April comes like an idiot

It’s officially spring in Seattle. I can declare this because the tulips are blooming, and we’ve had a streak of three, yes, count them, three whole days of sunshine. My friends are even getting sunburnt, stumbling around my apartment, grinning ear to ear, happily drunk on wine and overexposure to Vitamin D.

“What are some poems and songs about spring?” I asked myself. (And by “myself” I mean Google.) In my hunt, I found this poem by Edna St. Vincent Millay really funny.


To what purpose, April, do you return again?

Beauty is not enough.
You can no longer quiet me with the redness
Of little leaves opening stickily.

I know what I know.
The sun is hot on my neck as I observe
The spikes of the crocus.
The smell of the earth is good.

It is apparent that there is no death.
But what does that signify?
Not only under ground are the brains of men
Eaten by maggots.

Life in itself
Is nothing,
An empty cup, a flight of uncarpeted stairs.

It is not enough that yearly, down this hill,
Comes like an idiot, babbling and strewing flowers.

P.S. I’m happy to return to Edna St. Vincent Millay again. This was almost my mantra in college as I ran around trying to do too many things on too little sleep.

My candle burns at both ends
It will not last the night;
But ah, my foes, and oh, my friends –
It gives a lovely light.

AIDS, Writing, Loss, and Geography of The Heart

I know nothing about AIDS.

I grew up in a time when AIDS, or SIDA as it’s known outside of North America, was just discovered, and since not much was known about it, a lot was speculated, and feared. A quick Wikipedia scan and I learned that “AIDS was first recognized by the Centers for Disease Control and Prevention (CDC) in 1981.” The recognition of this disease is exactly as old as I am.

I don’t remember think I learned anything about AIDS in school, other than that you can’t get it if you don’t have sex with someone who’s HIV-positive. So I went on living in ignorance of how this virus affects my fellow human beings.

A few days ago, this segment on NPR caught my attention: Love Isn’t All You Need: 3 Relationship Building Reads (they might as well have called it, Nikki Chau Sucker Alert).

Of the three books recommended, Fenton Johnson’s book, Geography Of The Heart, a Memoir, seemed most like a weekend read. Plus, the author practices at the San Francisco Zen Center, and his lover (Larry) is a Francophile? Count me in.

As luck (or some version thereof) would have it, I’ve been sick all day today, shriveling with a bone-chilling cold and a burning sore throat, so it was good timing to be lying around with this book and finishing it.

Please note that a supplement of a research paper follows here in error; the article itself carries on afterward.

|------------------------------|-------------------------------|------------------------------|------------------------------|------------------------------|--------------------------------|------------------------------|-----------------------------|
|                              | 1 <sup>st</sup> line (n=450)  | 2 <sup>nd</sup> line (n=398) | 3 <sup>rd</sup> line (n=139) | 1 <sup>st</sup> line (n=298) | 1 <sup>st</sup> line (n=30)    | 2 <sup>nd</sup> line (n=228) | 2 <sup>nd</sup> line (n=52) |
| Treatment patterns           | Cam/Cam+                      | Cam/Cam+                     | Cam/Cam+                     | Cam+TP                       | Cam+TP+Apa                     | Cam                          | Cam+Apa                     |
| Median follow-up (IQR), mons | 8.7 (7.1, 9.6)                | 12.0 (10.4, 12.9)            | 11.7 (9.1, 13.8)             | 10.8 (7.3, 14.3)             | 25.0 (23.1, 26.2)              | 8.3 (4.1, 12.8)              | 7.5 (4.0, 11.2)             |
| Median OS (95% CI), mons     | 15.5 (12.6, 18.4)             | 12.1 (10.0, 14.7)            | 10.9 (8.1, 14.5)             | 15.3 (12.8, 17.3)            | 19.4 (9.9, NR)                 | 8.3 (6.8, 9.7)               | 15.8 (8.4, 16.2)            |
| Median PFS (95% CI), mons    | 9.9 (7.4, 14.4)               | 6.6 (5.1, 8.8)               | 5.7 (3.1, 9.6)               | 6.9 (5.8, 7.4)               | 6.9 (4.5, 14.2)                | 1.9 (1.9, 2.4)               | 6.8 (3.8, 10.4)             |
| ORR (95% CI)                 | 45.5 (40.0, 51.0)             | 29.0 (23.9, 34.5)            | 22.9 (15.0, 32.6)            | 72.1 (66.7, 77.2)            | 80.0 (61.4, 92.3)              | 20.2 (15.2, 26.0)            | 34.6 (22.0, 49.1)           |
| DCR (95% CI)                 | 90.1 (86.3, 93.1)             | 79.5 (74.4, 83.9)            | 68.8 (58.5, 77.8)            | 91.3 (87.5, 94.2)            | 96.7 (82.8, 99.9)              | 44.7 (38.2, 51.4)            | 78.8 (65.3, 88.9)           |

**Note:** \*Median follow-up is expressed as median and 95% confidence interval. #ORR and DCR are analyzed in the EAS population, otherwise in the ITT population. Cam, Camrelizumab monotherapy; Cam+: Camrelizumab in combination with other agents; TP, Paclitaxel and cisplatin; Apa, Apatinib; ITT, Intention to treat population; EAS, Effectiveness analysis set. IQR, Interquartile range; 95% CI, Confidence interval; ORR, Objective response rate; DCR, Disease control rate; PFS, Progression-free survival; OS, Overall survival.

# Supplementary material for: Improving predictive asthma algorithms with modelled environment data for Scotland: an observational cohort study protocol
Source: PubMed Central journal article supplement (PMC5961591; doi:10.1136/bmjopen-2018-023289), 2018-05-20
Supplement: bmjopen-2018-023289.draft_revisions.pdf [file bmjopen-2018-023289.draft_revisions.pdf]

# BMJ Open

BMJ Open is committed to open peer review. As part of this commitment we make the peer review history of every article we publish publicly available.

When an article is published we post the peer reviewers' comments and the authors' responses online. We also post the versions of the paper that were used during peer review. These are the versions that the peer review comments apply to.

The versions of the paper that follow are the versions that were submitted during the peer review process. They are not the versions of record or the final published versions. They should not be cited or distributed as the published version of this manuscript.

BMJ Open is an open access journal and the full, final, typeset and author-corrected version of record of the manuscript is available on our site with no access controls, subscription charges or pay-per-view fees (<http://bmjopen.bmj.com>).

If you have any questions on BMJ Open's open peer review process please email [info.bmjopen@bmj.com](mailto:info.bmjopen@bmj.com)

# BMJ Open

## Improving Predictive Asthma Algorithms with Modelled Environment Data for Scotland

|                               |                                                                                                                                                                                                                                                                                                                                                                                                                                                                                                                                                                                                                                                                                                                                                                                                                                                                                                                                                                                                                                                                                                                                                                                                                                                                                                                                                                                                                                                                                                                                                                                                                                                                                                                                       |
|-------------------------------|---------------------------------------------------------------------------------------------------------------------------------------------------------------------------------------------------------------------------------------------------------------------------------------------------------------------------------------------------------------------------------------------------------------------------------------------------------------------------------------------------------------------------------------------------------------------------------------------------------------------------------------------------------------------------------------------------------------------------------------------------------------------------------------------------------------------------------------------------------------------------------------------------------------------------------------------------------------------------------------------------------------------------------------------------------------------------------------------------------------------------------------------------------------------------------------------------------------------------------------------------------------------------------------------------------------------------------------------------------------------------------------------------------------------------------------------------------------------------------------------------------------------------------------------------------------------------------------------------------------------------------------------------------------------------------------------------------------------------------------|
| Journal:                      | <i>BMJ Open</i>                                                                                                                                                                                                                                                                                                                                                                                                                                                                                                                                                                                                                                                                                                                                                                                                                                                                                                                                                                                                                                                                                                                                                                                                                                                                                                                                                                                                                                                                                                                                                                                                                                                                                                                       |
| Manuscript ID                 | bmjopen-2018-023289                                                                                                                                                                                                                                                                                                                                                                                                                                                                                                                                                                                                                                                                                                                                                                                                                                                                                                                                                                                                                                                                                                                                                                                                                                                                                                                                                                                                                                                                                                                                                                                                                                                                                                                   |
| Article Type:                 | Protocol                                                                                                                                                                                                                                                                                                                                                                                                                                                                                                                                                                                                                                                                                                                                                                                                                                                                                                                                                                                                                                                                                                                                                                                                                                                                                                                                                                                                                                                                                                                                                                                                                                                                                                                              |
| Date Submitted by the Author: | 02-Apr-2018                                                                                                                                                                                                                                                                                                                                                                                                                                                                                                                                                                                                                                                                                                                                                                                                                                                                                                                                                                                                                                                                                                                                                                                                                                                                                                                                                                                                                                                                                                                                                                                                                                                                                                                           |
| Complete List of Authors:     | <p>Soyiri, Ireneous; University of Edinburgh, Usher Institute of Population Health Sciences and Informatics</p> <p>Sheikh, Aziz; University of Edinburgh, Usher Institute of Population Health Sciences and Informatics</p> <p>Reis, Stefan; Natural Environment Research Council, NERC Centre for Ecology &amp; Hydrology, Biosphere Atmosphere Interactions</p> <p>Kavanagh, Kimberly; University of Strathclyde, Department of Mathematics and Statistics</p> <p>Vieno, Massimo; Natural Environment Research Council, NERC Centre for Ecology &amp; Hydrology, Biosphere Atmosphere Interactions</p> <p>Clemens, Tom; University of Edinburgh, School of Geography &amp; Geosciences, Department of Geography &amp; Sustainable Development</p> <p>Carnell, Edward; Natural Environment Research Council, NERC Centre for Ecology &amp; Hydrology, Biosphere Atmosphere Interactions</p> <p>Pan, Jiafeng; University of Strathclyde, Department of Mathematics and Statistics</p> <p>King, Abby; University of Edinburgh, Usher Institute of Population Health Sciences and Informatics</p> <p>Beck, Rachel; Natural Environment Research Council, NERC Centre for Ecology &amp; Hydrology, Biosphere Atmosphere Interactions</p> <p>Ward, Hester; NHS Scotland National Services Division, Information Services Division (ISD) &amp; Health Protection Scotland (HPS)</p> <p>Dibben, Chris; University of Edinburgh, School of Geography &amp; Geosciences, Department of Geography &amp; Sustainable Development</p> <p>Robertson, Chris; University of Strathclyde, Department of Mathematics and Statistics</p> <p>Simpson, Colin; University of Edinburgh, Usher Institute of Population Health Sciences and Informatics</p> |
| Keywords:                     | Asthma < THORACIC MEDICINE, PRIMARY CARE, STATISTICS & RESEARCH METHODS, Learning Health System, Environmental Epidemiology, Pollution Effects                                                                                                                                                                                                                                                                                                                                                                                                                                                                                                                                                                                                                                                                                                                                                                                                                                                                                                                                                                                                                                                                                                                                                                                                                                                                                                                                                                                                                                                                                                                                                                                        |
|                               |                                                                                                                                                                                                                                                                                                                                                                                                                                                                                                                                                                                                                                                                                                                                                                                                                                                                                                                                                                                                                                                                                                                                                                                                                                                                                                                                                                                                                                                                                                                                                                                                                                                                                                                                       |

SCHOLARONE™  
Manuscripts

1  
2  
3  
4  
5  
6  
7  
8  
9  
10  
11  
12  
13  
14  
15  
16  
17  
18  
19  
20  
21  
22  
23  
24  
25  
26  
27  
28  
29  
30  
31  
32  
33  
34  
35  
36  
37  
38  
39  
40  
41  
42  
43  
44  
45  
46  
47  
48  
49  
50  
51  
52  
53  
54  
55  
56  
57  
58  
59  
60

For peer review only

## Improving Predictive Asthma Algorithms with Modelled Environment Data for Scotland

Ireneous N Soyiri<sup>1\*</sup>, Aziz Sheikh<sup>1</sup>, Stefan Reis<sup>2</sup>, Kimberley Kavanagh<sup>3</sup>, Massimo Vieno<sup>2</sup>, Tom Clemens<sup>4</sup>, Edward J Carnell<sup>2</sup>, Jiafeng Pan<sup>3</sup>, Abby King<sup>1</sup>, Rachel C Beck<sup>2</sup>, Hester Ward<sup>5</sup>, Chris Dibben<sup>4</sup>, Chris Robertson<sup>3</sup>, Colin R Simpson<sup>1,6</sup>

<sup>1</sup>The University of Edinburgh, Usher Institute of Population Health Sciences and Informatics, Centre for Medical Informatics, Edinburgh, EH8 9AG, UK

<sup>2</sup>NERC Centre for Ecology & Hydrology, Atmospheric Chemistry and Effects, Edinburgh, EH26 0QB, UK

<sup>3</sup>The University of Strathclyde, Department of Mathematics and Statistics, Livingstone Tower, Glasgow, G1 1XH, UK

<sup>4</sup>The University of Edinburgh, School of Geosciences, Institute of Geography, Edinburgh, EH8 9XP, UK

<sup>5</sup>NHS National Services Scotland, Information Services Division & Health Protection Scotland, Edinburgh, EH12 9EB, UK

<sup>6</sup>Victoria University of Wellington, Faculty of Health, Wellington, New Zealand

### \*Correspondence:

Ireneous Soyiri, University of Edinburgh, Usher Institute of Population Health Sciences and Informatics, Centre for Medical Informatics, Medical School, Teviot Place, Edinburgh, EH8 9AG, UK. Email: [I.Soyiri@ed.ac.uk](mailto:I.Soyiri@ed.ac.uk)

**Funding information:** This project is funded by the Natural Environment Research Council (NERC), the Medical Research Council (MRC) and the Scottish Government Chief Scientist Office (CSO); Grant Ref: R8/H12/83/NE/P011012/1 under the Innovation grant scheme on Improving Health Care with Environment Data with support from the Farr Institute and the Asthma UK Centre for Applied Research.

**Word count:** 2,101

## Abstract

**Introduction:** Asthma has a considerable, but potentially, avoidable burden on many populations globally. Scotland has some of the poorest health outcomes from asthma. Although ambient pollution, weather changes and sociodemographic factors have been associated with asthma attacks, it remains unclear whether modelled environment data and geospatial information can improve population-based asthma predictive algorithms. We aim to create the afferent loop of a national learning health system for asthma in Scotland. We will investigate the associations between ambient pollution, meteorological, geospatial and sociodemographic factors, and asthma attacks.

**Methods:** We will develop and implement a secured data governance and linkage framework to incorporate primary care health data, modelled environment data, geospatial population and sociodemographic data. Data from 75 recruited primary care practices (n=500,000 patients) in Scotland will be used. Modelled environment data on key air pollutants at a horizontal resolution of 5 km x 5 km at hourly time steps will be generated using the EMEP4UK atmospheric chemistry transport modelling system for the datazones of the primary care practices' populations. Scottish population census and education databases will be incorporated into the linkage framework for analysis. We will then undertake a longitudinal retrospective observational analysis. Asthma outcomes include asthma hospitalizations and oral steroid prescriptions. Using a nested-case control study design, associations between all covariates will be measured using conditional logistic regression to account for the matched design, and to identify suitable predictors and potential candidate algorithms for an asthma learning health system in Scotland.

Here are a few quotes from the book that spoke to me, emphasis is mine.

When Fenton told Larry that his greatest fear is that he will die and leave him infected and alone:

“One measure of love is the ability to speak aloud the unspeakable, secure in the knowledge of the bedrock on which you rest.

To speak with such frankness of the terrors of the heart–to talk so openly of the demons within, with no fear on either side of rejection–honesty of this completeness is the privilege of true lovers.” – Page 92

A student talking about learning to write at Larry’s funeral:

“He took us out to Telegraph Avenue and made us write about what we saw until we thought it was good enough to convince somebody who’d never been there what it looked like and what we thought of it.

It was the first time in my life I really understood what writing was about–trying to get something real across to another faraway person through this incredibly abstract medium.” – Page 209

When Fenton finally confronted the silence in his family about AIDS at 3AM in their Kentucky home before his morning flight back to San Francisco:

“I’m filled with bitterness and rage that no one will acknowledge that Larry was my lover and that he died of AIDS, and I’m here to give the first annual AIDS prevention speech.” – Page 216

Fenton contemplating on our own insulated myth that we might live forever (if we are HIV-negative):

“It’s just that HIV, with its extended incubation period, its prolonged illnesses, its often horrifying complications, its impact on close-knit neighborhoods and communities, is forcing gay men of my generation to acknowledge what our life– and youth-obssessed society prefers to deny.” Page 232

Fenton’s mom, telling him she understands that love is not gender-dependent:

“And then you told me you were gay, and I guess I’d suspected it all along, and I just prayed that you’d stay healthy and find yourself a place where you could be happy.

I prayed for all that and I was glad to see you get yourself to San Francisco, to a place where you could live in peace and be yourself.

I was happy about that, but it wasn’t until I met you and Larry and spent time with the two of you together that I understood that two men could love each other in the same way as a man and a woman.” – Page 234.

Fenton, on love and death

“I love better now, more wholly and completely, not because I have learned some exotic technique but because I know death.” Page 235.

Today, I gained a new perspective. A friend told me I should join her in the AIDS walk in San Francisco this summer. I’m in Seattle now, but one day I’ll make it to San Francisco.

Also, if you live in Seattle, here is a list of restaurants who will be donating to Dine out for Life on April 26.

Signal and Noise and Apple Subscription Plan

There’ve been a plethora of reaction and analysis of the Apple subscription plan, from pros and cons to anywhere along that spectrum.